It’s a few weeks into the new year and it’s time to unveil my New Year’s goal. I don’t make resolutions, because 93% of New Year’s resolutions fail – so it’s just a goal. As you may have noticed, my blog is disappointingly empty. So, I have decided to be more committed to blogging, with a goal of at least two blogs a month. So without further ado:
The FLU is here!
The flu is probably one of my favorite topics because it invites so much debate, especially surrounding the vaccine. Just to be clear, we are talking about influenza – a respiratory illness with fever, headache, cough, runny nose and body aches, caused by the influenza virus – not the “stomach flu” which is usually vomiting, diarrhea and maybe a fever.
The flu has hit the U.S. early and hard. At this writing, the CDC reports that the flu is widespread in nearly every state. New York State and Boston have declared public health emergencies due to the flu. And there is a predominance of the H3 variety, which tends to produce more severe disease. All this means that we are shaping up for a pretty rotten flu season.
In my practice, I have seen way more flu than this time last year. Last year was a very mild flu year and we didn’t see much activity till late with mostly mild disease. I’ve already lost count of how many patients with flu I’ve seen in the clinic. Fortunately, I’ve not had to hospitalize anyone yet for it.
I am a big proponent of the flu vaccine. Because influenza varieties change from year, previous exposure to the flu or previous immunization does not mean you will be immune to this year’s variety. The flu vaccine is the only way to help you prevent getting the disease, other than staying in your house and locking the doors. Sure, hand washing helps, but who remembers to wash hands after touching every door knob, shopping cart, bank pen, hand rail, etc.? That being said, it doesn’t always work. This year, the CDC says the flu vaccine is 62% effective. How they come up with that number, I don’t know. But it’s better than the usual 50% effectiveness of your average flu vaccine.
Here’s the top 5 reasons I hear for skipping a flu shot:
“Doesn’t the flu vaccine make you sick?” A resounding NO! People can have side effects from the flu vaccine, like muscle aches, low grade fever and tiredness, but it can’t give you the flu.
“I’ve never been sicker than when I got that darn flu shot.” Well, that’s unfortunate, but it wasn’t from the flu vaccine, you just got really unlucky.
“I’m healthy, I never get sick.” I hear this one all the time, and that’s great. But, I also see those healthy people coming in with the flu, looking for a cure-all and resolving to get their flu shot next year.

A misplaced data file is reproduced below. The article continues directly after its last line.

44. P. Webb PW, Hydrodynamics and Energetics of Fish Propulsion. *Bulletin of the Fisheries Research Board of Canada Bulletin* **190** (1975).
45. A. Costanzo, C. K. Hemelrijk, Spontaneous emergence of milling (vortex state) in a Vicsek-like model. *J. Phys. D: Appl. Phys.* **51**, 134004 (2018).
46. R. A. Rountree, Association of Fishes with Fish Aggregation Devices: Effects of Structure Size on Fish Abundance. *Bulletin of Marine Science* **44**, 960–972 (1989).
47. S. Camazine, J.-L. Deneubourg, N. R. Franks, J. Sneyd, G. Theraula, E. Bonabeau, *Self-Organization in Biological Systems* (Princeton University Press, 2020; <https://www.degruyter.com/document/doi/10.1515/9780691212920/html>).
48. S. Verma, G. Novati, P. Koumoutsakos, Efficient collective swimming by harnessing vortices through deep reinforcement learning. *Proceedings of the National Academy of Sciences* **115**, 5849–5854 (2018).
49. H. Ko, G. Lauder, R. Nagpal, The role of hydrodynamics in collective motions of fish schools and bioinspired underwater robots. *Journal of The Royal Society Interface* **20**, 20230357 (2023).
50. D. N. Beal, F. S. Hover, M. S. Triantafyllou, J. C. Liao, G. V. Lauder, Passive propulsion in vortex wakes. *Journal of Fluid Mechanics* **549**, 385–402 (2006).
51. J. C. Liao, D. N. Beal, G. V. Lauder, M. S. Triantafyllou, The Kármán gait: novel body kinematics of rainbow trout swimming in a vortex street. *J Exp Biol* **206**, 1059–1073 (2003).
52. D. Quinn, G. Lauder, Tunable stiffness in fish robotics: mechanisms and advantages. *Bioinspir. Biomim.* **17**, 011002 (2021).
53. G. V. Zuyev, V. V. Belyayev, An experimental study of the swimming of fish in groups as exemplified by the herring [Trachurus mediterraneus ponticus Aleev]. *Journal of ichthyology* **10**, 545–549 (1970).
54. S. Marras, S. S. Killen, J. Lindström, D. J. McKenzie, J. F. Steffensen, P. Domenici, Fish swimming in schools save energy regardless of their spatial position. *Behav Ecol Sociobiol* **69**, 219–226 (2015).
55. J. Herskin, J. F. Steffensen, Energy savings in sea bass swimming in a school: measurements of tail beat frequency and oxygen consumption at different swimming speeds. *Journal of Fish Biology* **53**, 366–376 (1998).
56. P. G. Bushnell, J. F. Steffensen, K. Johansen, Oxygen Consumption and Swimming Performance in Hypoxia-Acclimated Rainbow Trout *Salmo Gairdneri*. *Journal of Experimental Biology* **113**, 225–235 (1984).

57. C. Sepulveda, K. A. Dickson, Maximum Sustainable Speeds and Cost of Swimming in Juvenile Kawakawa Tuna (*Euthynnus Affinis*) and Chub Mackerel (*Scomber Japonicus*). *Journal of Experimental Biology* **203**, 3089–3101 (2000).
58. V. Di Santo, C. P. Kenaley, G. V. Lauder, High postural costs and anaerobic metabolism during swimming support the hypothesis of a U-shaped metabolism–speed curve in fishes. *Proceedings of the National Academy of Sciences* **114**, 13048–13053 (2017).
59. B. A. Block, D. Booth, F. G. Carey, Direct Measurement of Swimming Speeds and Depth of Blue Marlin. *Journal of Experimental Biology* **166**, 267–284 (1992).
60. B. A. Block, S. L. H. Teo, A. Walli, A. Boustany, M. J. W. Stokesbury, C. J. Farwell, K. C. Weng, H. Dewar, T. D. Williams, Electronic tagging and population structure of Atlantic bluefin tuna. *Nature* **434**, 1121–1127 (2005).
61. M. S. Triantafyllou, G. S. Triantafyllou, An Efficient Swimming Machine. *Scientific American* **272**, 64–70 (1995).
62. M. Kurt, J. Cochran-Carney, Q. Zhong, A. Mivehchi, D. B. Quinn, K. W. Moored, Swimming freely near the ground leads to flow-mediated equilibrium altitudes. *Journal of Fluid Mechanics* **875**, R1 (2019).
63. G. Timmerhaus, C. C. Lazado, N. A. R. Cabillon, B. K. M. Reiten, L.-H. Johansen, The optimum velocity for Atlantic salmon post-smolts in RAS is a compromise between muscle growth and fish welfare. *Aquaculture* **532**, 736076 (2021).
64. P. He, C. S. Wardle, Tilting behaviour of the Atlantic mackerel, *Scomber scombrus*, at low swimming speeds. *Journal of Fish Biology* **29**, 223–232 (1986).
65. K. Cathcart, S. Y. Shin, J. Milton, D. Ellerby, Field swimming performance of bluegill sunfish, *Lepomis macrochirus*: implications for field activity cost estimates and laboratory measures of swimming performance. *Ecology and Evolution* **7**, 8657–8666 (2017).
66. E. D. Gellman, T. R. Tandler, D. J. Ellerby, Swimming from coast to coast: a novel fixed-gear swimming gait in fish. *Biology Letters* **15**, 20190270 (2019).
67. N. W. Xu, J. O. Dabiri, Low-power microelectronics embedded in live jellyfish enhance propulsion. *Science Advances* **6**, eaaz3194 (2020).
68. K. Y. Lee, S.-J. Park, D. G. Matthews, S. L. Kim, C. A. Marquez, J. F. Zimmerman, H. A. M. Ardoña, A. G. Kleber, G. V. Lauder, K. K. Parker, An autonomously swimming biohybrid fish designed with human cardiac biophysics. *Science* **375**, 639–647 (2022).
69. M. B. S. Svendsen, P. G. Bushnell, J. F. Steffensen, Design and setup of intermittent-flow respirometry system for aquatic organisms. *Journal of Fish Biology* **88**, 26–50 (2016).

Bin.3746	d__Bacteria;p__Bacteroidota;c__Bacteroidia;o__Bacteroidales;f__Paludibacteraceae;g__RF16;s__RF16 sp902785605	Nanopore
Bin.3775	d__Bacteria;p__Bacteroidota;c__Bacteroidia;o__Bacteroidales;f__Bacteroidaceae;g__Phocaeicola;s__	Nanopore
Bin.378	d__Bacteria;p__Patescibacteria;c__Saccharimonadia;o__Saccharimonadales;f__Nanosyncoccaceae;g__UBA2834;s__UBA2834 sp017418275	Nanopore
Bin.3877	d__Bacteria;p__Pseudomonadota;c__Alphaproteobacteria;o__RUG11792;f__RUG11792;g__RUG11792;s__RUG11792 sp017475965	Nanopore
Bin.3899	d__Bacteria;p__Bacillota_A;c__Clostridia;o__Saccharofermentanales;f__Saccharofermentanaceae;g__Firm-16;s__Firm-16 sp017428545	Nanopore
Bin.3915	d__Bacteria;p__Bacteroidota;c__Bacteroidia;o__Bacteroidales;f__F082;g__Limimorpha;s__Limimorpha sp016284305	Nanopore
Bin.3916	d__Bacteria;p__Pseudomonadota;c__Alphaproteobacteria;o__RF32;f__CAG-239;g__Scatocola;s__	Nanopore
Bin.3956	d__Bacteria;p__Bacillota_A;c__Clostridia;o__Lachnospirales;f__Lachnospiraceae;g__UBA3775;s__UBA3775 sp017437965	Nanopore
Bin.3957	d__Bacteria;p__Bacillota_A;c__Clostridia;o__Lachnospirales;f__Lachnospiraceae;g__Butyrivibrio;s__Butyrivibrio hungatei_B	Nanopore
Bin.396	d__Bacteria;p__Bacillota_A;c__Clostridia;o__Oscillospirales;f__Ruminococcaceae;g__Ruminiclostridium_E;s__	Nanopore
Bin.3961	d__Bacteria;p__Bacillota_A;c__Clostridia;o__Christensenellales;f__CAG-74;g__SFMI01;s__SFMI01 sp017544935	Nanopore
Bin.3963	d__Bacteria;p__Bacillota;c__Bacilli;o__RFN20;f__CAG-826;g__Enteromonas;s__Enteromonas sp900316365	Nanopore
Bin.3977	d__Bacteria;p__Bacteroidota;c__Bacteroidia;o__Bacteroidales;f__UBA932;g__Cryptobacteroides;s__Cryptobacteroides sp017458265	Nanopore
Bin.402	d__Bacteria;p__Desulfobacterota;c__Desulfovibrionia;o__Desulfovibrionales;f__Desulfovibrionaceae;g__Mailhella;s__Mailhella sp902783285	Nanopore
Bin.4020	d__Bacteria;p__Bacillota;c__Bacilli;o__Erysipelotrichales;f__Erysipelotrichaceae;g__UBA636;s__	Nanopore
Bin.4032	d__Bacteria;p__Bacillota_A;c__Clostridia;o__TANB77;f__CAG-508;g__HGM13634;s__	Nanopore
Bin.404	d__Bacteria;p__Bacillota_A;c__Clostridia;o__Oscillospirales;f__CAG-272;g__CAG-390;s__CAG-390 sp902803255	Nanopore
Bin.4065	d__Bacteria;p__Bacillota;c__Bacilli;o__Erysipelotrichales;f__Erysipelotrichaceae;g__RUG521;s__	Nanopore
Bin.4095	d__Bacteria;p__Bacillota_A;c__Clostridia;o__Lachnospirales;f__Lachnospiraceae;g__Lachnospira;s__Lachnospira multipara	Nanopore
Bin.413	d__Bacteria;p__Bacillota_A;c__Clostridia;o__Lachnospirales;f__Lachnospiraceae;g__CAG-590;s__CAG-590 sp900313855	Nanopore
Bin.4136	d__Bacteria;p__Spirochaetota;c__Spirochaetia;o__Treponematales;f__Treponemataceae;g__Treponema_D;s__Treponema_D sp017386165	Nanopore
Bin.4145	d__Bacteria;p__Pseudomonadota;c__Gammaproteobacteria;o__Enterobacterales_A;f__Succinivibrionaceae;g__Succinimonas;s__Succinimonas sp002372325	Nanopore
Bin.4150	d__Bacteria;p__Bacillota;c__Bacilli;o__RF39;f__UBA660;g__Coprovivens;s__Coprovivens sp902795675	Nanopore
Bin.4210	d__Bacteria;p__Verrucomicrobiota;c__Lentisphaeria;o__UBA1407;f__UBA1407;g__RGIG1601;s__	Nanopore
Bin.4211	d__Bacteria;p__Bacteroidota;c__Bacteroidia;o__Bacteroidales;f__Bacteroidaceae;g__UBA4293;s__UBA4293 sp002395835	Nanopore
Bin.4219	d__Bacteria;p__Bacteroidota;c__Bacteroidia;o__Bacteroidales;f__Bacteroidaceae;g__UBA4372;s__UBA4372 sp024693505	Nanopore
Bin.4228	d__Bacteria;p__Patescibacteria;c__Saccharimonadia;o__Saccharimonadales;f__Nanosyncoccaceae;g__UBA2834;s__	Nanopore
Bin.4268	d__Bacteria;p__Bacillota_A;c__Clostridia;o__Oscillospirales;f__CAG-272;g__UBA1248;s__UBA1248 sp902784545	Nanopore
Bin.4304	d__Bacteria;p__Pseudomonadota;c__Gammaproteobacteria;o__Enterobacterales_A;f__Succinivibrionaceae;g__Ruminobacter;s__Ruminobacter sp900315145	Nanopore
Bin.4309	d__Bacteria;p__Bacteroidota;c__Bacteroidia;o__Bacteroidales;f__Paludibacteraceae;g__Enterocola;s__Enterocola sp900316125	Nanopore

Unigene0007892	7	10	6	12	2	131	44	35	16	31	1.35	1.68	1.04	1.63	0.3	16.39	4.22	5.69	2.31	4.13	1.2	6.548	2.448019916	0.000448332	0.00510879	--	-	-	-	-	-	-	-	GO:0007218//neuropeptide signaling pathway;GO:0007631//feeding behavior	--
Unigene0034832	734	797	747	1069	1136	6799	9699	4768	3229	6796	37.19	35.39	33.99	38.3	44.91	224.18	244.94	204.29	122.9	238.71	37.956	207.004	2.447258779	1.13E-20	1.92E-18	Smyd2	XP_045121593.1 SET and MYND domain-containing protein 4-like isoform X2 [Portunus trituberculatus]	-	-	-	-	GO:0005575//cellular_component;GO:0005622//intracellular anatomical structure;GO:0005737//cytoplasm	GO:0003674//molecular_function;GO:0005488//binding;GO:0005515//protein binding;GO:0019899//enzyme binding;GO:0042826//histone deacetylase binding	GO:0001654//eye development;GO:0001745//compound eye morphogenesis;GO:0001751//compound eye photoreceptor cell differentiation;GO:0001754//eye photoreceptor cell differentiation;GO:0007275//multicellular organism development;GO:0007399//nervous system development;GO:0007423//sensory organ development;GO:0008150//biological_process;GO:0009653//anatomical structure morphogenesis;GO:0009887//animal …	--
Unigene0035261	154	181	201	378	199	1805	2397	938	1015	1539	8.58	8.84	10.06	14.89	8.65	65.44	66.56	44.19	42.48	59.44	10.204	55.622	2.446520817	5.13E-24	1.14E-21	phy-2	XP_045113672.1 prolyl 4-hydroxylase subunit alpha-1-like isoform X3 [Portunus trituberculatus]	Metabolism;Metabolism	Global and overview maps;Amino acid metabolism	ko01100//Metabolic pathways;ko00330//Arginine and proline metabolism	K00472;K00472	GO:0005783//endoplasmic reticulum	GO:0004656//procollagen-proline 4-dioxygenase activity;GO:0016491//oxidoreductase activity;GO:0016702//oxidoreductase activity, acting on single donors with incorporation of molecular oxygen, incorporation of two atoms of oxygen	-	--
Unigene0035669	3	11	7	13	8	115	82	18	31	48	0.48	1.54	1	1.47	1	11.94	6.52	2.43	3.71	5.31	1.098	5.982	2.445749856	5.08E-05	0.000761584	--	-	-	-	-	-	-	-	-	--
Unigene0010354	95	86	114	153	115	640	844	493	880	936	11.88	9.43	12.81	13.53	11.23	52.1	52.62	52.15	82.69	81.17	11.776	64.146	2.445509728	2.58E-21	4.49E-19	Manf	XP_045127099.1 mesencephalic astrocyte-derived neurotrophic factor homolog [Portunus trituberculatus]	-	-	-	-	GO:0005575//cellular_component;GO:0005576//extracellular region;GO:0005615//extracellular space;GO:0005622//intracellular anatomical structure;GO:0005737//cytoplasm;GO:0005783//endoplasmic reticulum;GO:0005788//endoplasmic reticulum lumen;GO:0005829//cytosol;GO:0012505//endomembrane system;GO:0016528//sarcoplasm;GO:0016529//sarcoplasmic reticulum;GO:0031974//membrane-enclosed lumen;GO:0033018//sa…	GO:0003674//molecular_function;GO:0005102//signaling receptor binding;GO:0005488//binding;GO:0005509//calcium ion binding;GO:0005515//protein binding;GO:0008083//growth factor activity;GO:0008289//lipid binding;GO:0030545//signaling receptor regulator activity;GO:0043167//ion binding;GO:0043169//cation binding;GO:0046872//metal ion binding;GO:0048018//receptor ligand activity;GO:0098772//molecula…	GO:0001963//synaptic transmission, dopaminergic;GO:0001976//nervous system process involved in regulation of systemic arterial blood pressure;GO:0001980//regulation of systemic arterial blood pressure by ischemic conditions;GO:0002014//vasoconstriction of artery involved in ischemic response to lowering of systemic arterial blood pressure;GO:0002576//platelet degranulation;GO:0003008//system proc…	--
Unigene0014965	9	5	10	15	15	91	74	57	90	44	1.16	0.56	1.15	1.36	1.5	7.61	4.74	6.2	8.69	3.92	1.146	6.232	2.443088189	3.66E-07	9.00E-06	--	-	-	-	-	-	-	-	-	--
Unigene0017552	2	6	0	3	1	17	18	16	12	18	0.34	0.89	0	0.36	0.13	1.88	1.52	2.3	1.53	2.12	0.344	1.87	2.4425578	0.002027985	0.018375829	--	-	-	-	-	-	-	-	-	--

“I don’t believe in the flu shot.” This one I don’t really understand. I can understand people being wary of getting an injection or having something foreign placed in their body. However, if you catch the flu (or any illness) you are getting a foreign invader in your body, too. Maybe they mean they want to develop “natural immunity” to the illness. As stated above, you won’t develop a lifelong immunity from catching the flu and it doesn’t make your body stronger. It’s not worth catching something that might kill you.
“I don’t like needles.” Okay, I get this one. Fortunately, there is a solution. For patients age 2-49 without certain conditions, they can get the Nasal Spray (FluMist) influenza vaccine. Sanofi-Pasteur has also developed a vaccine with a very tiny needle for patients older than 18. They spray probably works best in children, but it’s better than no vaccine.
If you haven’t gotten your flu shot and you want to get it, you need to get it NOW. Our clinic is already out of the vaccine for patients older than 3 and we are unable to get more from the manufacturer. Your best bet is to check with local pharmacies and see if they have any left.
If you catch the flu, the best thing you can do is stay at home, rest, drink tons of fluid, take over the counter pain relievers and fever reducers (Tylenol, ibuprofen) and, for patients over 4 years old, cough and cold medicines if needed. Do not give aspirin to children. Tamiflu is the medicine of choice for reducing the duration and severity of illness. It also works to help prevent catching the flu if you have an ongoing exposure. Tamiflu is best used by people who are at increased risk of developing complications from the flu. This year, the liquid form of Tamiflu is already in short supply and it wouldn’t surprise me if the pill forms become hard to find as well. This means we should be using it sparingly.
I hope this helps y’all out with a little insight into the flu. I’m happy to discuss more.
If you guys have any thoughts for future blogs or things you’d like to hear my thoughts on, please let me know.